It is a curious feature of the modern British monarchy that, on the rare occasions it chances upon a new recruit who appeals to the less prudish elements of the public imagination, it does all it can to cast them aside, and banish them from the Royal court.
For years before her untimely death, Diana, Princess of Wales, complained of persecution by Buckingham Palace, chiefly because she surpassed her in-laws in her ability to relate to the public. Diana's sister-in-law Sarah Ferguson, meanwhile, was never skilful at managing her own PR, but showed glimpses of the common touch before she was hung out to dry by the Palace machine.
Now, Chelsy Davy, the blonde 23-year-old daughter of a Zimbabwean businessman, who's been stepping out with Prince Harry for five years, has ended the relationship, in part, she says, because she has been made to feel unwelcome by the Windsors. Harry's military career was at odds with her desire for a quiet life, and their long-distance relationship had strained beyond breaking point.
But before Davy, who completes a Master's in law at Leeds University this year before taking up a job at City law firm Allen & Overy, walks off the public stage altogether, allow me to venture an opinion. She has spent the last five years surrounded by dimwits and toadies, and because she compared so favourably with them, she was perceived as a threat, and had to be neutralised, lest she expose their inadequacy.
I count among my closest friends half a dozen young men who were at Eton with the Windsor boys, and I can reveal that, in the opinion of their schoolmates, the princes were at best average students, at worst duffers. They weren't great at sport, music or acting. They were poor academically. William didn't get into Cambridge. Harry only managed a B and D at A-level. Our second and third in line to the throne were considered exceptionally unexceptional.
Consider, too, that other consort, Kate Middleton. When William and Middleton announced they'd split in 2007, people speculated that the Queen deemed Kate too middle class. This was never the case. Rather, she was, and is, too middle-of-the-road. Mediocrity is her middle name: that bland brunette hairdo, those ruddy cheeks, that inoffensive smile... the embodiment of a peculiarly English wallflower. The 27-year-old is now understood to be in self-imposed purdah, sleeping in her childhood bedroom, occasionally emerging to cycle to work – at the family firm.
Like poetry to Middleton's prose, Davy stands in sharp contrast. Her droopy features suggest a nature that's naughty but nice. A high-flying legal career awaits her, the product of diligence on two continents. She's web-savvy, advertising her break-up on Facebook, and confident enough to be photographed with a crocodile-hunter, Jabu Kirkland, displaying herself to prospective suitors.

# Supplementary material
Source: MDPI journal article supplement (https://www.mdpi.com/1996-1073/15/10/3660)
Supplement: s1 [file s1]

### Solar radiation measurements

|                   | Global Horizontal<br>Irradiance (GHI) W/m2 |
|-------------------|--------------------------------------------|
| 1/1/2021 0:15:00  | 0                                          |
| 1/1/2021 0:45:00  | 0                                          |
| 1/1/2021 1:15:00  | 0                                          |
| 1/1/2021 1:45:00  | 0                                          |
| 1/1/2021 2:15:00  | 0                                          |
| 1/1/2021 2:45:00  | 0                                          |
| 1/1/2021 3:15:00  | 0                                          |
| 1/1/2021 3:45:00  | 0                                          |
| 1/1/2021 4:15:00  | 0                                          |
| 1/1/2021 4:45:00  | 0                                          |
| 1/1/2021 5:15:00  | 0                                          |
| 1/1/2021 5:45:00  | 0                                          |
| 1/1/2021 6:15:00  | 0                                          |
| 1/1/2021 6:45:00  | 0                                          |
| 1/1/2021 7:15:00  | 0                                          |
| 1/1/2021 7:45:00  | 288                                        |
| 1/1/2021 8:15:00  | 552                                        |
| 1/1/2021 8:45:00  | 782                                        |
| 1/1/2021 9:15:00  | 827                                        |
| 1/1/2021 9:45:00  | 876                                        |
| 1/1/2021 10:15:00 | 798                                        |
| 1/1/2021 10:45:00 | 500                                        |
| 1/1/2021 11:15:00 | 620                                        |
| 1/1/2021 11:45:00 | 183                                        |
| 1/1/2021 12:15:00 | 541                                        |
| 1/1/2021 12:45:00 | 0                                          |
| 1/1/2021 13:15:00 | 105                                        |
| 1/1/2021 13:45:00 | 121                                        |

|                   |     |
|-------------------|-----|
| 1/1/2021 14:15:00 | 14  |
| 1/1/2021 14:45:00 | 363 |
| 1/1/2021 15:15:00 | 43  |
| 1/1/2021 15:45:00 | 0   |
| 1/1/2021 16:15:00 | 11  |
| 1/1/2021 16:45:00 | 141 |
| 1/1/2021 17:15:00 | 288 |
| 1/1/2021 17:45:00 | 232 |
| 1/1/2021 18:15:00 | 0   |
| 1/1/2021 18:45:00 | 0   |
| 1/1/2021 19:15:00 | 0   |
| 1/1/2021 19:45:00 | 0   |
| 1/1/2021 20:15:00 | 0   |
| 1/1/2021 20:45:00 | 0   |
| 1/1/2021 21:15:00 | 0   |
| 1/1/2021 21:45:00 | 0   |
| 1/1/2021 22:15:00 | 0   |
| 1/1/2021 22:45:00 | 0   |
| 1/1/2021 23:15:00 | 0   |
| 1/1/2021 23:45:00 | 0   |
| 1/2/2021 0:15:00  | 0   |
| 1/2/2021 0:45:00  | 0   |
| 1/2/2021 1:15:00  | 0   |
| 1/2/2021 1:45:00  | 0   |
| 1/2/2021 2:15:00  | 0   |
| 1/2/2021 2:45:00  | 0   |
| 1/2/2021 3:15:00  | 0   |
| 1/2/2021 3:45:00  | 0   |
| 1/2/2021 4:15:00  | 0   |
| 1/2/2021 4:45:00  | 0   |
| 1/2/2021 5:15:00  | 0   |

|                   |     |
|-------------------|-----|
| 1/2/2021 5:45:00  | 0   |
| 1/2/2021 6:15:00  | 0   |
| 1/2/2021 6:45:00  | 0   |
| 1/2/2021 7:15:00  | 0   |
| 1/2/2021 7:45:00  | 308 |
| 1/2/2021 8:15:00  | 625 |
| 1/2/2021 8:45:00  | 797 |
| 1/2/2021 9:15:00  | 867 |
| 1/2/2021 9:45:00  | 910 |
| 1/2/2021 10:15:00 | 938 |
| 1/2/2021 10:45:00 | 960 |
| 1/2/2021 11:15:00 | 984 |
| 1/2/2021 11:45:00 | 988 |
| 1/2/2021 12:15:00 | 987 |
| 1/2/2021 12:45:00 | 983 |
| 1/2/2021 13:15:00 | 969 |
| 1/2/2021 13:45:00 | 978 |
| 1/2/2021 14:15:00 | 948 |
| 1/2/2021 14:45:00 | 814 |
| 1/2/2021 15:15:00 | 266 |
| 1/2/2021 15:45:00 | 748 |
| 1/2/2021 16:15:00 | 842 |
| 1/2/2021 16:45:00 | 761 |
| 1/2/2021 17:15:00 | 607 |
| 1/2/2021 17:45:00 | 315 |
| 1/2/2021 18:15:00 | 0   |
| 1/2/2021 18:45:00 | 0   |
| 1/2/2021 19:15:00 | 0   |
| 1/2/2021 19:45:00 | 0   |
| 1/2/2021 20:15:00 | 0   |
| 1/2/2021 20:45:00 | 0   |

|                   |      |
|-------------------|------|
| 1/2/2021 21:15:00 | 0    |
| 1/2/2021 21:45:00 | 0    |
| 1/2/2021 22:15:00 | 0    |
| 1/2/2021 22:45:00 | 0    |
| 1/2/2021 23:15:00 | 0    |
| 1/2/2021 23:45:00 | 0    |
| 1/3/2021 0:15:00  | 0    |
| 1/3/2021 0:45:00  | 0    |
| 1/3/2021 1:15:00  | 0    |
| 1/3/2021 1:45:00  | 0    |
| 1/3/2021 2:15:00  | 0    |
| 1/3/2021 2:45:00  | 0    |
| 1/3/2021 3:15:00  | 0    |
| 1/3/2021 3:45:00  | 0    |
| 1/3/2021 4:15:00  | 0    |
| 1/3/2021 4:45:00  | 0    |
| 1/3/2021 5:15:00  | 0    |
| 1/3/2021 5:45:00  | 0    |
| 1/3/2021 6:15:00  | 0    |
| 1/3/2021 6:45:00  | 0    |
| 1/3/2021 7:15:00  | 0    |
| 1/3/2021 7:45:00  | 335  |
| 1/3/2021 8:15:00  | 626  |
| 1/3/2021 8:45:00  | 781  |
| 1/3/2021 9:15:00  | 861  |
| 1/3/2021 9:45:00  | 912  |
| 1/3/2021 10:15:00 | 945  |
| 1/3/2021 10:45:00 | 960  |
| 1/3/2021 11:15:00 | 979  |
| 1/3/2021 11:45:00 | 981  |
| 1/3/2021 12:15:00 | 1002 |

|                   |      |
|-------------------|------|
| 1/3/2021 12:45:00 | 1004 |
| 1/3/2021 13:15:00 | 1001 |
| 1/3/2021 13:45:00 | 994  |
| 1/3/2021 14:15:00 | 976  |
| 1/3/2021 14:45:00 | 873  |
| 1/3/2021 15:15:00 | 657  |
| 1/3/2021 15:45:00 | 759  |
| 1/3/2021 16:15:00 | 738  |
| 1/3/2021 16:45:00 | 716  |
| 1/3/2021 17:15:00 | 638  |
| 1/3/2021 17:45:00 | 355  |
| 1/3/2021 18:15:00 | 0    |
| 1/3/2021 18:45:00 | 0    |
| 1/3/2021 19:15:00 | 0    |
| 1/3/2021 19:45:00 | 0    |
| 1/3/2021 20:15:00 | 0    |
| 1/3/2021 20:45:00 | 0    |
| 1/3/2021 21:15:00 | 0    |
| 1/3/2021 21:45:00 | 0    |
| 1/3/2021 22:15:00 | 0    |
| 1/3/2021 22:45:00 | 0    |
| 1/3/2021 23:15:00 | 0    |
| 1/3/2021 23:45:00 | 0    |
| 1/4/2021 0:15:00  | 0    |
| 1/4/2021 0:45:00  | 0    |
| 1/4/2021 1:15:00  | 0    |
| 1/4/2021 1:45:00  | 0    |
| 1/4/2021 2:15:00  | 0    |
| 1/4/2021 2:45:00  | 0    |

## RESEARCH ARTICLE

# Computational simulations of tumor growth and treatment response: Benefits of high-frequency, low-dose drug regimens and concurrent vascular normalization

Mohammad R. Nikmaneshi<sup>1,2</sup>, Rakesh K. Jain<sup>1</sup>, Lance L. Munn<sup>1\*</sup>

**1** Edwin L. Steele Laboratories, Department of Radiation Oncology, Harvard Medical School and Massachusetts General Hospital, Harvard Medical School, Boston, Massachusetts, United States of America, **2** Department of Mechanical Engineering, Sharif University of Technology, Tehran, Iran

Originally just a private indulgence for a playboy prince, Davy, who never reconciled herself to public adulation, quickly became a nuisance to the Crown. Look out, over the next few days, for acres of newsprint on eligible young ladies who might interest the Ginger One in her stead. Several will have double-barrelled names. But in favouring them over the zestier Davy, the Palace has done both Harry and the public a disservice – and not for the first time. Amol Rajan
It's a caravan. No, really
You might think that the dawdling caravans that blight Britain's narrow rural roads each summer could never possibly be cool, and of course you'd be right. At least you would have been, until the new two-seater Colim motorhome came along. Somewhere between a mobile home and a sporty town car, the Colim is the height of domestic sophistication on wheels. Its futuristic habitation pod can be customised to fit a kitchen, bathroom, bedroom and seating area, while the space-age, detachable cockpit part can reach speeds of up to 90mph. The Colim's creator, Christian Susana, 36, from Germany, is looking for a financial backer to put it into production. Jeremy Clarkson need not apply. Jamie Merrill
They say it's a bare market
If you've got it, it seems reasonable that you should consider flaunting it. Especially if you've spent thousands of mind-numbing hours building the body beautiful. This philosophy, it seems, has been taken to heart by the leading lights of British sport, who appear engaged in a headlong dash to divest themselves of their aerodynamically enhanced Lycra kit.
The latest specimens of human perfection to strip for the cameras are England Rugby Union captain Steve Borthwick, winger Paul Sackey (above) and Welsh star Shane Williams, who have peeled off to promote a sports drink. The trio are picking up the baton from equally well-buffed and bare British Olympic cyclist Rebecca Romero, triple jumper Phillips Idowu and swimmer Gregor Tait, who did the same in the run-up to the Beijing games.
Of course, there was a time when stripping was best left to the mature ladies of the Women's Institute or unemployed steel workers. But then again, why should sportsmen and women miss out on the fun? The calendars of the French rugby team, Stade Français, revealed the naked truth beneath the scrum. Venus Williams famously did her naked best to raise awareness of HIV/Aids, as did Thierry Henry. It can't be long before the world of darts joins this clothes-free Age of Aquarius, can it Jonathan Brown
A wristwatch we can believe in
As any gentleman knows, his choice of wristwear speaks volumes. Omega Seamaster? James Bond wannabe. Panerai Luminor? Hedge funder with questionable taste. Vintage Rolex? Urban hipster en route to Hakkasan. So, for Barack Obama, the multi-dial TAG Heuer he sported early in the presidential campaign has been rejected as too elitist. He's opted instead for the smart functionality of the Jorg Gray 6500, complete with Secret Service logo. Rugged, inexpensive ($325) – and now, officially, the most desirable watchin the world. Adam LeighReuse content